Packaged convertible bonds or sometimes „Bond + Option“ are simply a straight bond and a call option/alarm that are packed together. Normally, the investor would then be able to act separately. Although the down payment is similar to a simple vanilla payment, packaged convertible bonds would then have different dynamics and risks, as the holder would not receive a little cash or shares at maturity, but a little cash and perhaps a little stock. They would lack, for example, the modified duration reduction effect common in simple vanilla convertible structures. In theory, the market price of a converted bond should never fall below its intrinsic value. The internal value is simply the number of shares converted at par value at the current market price of the common shares. The three main stages of bond behaviour are: from a valuation point of view, a convertible loan consists of two assets: a loan and a warrant. The valuation of a convertible loan requires an assumption from the issuer`s point of view, the main advantage of raising funds through the sale of convertible bonds is a reduced cash payment. The advantage for companies to issue convertible bonds is that, when the bonds are converted into shares, corporate debt disappears. However, in exchange for reduced interest payments, the value of equity is reduced due to the dilution of shares expected when converting their bonds into new shares. In the financial sector, a convertible bond or a convertible bond or a convertible bond (or a convertible bond if it is longer than 10 years) is a type of bond that the holder can convert into a number of common shares of the issuing company or equivalent cash. It is a hybrid security with debt and equity characteristics.  It was born in the mid-19th century and was used by early speculators like Jacob Little and Daniel Drew to counter market cornering.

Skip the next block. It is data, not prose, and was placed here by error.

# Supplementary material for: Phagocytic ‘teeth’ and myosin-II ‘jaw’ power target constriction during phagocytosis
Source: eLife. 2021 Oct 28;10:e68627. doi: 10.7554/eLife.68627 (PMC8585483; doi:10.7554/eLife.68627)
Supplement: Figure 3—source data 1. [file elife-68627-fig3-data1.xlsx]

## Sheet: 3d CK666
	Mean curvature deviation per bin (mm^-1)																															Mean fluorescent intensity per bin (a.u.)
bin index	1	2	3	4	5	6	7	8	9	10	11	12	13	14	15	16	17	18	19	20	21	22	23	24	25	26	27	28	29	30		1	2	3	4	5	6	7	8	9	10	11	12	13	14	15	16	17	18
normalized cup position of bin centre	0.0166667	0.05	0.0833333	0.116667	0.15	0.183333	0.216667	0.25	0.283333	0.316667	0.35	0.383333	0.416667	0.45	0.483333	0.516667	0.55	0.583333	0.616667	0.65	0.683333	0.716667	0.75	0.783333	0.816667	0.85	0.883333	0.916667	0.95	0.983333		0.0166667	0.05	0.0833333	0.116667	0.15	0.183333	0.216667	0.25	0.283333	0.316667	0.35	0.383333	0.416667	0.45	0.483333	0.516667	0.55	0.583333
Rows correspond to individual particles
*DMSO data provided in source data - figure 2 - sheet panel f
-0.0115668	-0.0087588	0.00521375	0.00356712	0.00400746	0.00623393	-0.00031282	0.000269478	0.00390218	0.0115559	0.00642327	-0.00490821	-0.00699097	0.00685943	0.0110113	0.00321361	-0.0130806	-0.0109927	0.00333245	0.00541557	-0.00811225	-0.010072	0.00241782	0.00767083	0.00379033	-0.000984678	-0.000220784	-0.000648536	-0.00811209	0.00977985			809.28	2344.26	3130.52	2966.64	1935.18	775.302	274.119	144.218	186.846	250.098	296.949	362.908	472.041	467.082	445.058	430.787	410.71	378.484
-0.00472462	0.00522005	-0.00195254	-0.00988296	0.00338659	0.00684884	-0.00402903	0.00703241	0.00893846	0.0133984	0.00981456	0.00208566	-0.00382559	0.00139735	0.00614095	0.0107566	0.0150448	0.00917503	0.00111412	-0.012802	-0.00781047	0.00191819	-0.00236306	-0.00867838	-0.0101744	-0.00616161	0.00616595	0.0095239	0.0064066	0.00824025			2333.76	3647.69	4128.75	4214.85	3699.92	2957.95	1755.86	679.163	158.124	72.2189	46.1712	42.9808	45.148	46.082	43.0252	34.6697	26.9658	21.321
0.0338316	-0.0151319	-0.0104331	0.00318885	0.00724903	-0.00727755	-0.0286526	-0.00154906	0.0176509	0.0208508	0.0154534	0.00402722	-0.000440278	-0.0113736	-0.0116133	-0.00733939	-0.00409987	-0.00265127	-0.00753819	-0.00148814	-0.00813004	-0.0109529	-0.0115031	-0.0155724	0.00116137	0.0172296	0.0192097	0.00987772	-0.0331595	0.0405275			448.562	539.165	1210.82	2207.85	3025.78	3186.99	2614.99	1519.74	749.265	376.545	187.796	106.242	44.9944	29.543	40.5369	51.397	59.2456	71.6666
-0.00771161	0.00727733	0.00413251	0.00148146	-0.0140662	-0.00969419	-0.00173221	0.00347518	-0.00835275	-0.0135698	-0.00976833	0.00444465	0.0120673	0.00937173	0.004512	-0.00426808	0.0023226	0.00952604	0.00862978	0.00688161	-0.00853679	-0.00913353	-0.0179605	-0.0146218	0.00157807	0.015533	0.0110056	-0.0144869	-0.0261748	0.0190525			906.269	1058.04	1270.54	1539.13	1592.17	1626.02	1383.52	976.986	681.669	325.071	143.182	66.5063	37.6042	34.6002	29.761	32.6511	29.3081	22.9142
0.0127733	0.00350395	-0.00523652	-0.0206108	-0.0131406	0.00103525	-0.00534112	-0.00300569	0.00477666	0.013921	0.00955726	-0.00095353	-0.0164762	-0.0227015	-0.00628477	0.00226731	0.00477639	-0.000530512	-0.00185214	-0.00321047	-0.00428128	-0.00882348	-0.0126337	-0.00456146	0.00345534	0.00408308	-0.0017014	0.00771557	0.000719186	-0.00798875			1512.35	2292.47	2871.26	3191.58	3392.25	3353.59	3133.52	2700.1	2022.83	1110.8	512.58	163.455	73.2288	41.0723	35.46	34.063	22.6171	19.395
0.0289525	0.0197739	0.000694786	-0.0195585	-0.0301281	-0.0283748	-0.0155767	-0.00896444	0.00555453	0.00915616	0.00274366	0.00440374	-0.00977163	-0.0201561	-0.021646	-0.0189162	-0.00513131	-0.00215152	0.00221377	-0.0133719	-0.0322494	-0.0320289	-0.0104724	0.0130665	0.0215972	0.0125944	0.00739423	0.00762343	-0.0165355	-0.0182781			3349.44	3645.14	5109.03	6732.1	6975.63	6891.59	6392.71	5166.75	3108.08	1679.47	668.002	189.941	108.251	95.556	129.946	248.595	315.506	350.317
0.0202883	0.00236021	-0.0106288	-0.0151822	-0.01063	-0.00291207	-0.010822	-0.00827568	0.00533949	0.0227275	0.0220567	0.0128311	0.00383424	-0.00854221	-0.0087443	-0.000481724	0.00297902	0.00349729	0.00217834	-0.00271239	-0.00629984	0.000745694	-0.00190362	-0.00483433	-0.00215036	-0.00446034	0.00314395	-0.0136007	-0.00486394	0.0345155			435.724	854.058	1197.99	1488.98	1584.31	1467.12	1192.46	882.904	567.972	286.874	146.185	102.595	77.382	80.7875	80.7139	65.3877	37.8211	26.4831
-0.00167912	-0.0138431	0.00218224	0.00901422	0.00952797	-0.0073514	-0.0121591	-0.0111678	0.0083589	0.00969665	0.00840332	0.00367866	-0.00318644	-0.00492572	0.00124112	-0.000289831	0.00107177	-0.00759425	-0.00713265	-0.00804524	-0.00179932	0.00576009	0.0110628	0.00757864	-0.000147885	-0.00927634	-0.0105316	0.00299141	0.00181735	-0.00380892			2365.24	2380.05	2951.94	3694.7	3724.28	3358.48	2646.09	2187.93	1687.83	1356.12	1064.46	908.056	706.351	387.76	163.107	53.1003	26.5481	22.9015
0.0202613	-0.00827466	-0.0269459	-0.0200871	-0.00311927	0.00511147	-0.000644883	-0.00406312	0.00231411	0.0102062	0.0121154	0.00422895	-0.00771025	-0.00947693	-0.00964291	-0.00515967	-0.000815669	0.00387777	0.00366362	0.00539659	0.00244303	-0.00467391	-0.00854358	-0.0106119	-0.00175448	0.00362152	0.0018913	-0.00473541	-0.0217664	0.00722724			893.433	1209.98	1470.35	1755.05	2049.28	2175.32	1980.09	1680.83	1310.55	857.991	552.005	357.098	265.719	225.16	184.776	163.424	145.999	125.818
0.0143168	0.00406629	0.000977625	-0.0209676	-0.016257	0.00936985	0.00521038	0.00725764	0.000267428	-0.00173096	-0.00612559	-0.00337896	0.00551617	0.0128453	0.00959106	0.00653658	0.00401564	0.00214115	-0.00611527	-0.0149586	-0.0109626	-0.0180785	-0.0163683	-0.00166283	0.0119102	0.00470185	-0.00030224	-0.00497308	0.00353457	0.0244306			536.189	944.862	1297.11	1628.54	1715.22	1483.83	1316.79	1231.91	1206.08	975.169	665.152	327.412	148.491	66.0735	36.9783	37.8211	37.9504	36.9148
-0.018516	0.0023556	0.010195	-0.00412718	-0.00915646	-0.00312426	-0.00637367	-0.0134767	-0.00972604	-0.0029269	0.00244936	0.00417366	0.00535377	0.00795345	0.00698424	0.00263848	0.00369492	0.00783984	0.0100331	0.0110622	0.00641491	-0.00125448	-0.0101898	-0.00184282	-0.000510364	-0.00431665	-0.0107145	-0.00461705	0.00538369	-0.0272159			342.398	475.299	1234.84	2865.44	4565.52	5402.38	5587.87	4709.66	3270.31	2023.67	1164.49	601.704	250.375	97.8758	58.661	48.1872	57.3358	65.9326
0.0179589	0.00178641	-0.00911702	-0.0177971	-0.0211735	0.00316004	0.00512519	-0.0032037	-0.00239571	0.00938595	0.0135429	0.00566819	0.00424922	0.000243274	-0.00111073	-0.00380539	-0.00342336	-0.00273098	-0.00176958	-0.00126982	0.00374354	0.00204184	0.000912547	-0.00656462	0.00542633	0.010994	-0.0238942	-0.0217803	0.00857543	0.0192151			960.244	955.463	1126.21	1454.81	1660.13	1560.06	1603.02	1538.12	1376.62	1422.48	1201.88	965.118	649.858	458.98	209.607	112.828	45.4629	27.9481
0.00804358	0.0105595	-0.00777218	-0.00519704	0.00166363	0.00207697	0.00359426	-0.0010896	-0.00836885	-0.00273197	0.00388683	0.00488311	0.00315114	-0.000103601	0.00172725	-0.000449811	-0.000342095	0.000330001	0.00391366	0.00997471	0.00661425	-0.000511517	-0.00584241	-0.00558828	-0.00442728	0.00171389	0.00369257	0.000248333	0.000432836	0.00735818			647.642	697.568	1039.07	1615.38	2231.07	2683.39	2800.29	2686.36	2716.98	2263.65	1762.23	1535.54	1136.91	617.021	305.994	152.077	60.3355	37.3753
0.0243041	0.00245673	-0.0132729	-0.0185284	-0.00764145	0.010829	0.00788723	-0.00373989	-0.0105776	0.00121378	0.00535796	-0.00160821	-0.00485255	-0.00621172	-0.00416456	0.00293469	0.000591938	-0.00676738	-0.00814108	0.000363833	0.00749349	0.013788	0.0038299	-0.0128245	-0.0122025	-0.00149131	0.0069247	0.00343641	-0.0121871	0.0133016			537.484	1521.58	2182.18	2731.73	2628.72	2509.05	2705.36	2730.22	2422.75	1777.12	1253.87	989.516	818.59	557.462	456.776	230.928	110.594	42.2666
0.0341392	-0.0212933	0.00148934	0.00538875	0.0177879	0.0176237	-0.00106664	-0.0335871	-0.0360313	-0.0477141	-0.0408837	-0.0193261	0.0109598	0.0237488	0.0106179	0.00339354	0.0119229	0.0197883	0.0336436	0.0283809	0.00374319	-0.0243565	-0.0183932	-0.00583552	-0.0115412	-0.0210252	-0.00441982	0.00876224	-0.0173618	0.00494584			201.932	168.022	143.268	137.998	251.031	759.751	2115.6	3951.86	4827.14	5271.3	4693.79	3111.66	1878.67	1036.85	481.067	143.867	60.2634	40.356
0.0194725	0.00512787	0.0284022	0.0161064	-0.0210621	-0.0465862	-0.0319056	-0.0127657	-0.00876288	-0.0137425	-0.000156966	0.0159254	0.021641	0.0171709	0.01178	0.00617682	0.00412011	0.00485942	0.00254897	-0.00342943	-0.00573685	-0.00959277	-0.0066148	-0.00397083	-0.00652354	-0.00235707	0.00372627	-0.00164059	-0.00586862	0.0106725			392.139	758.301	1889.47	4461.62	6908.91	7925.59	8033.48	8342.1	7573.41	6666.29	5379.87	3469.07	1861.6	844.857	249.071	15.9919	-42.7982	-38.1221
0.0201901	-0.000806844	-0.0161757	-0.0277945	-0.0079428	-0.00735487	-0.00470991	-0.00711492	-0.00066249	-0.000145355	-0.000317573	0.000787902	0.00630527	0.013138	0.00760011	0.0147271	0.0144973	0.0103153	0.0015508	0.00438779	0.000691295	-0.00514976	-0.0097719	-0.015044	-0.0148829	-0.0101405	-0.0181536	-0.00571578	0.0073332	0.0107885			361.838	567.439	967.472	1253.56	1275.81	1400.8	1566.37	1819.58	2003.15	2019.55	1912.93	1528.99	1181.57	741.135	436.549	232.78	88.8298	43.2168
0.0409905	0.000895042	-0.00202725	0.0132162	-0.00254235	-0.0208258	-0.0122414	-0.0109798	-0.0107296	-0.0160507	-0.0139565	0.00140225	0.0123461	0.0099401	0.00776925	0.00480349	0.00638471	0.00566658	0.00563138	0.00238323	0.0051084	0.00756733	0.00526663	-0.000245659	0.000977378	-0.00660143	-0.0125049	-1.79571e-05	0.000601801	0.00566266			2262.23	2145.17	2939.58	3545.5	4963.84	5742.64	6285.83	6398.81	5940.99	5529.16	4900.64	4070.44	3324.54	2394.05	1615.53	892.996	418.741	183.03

The market price of the convertible bond is used to determine implied volatility (using the assumed spread) or implied spread (using assumed volatility). A simple method of calculating the value of a convertible loan is to calculate the present value of future interest and repayment payments at the cost of the debt and add the present value of the warrant. However, this method ignores certain market realities, including stochastic interest rates and credit spreads, and does not take into account the popular characteristics of convertible bonds, such as calls to the issuer, investor puts, and conversion rate repayments. The most popular models for evaluating convertibles with these features are the finite difference models as well as the more common binomial and trinomic shafts….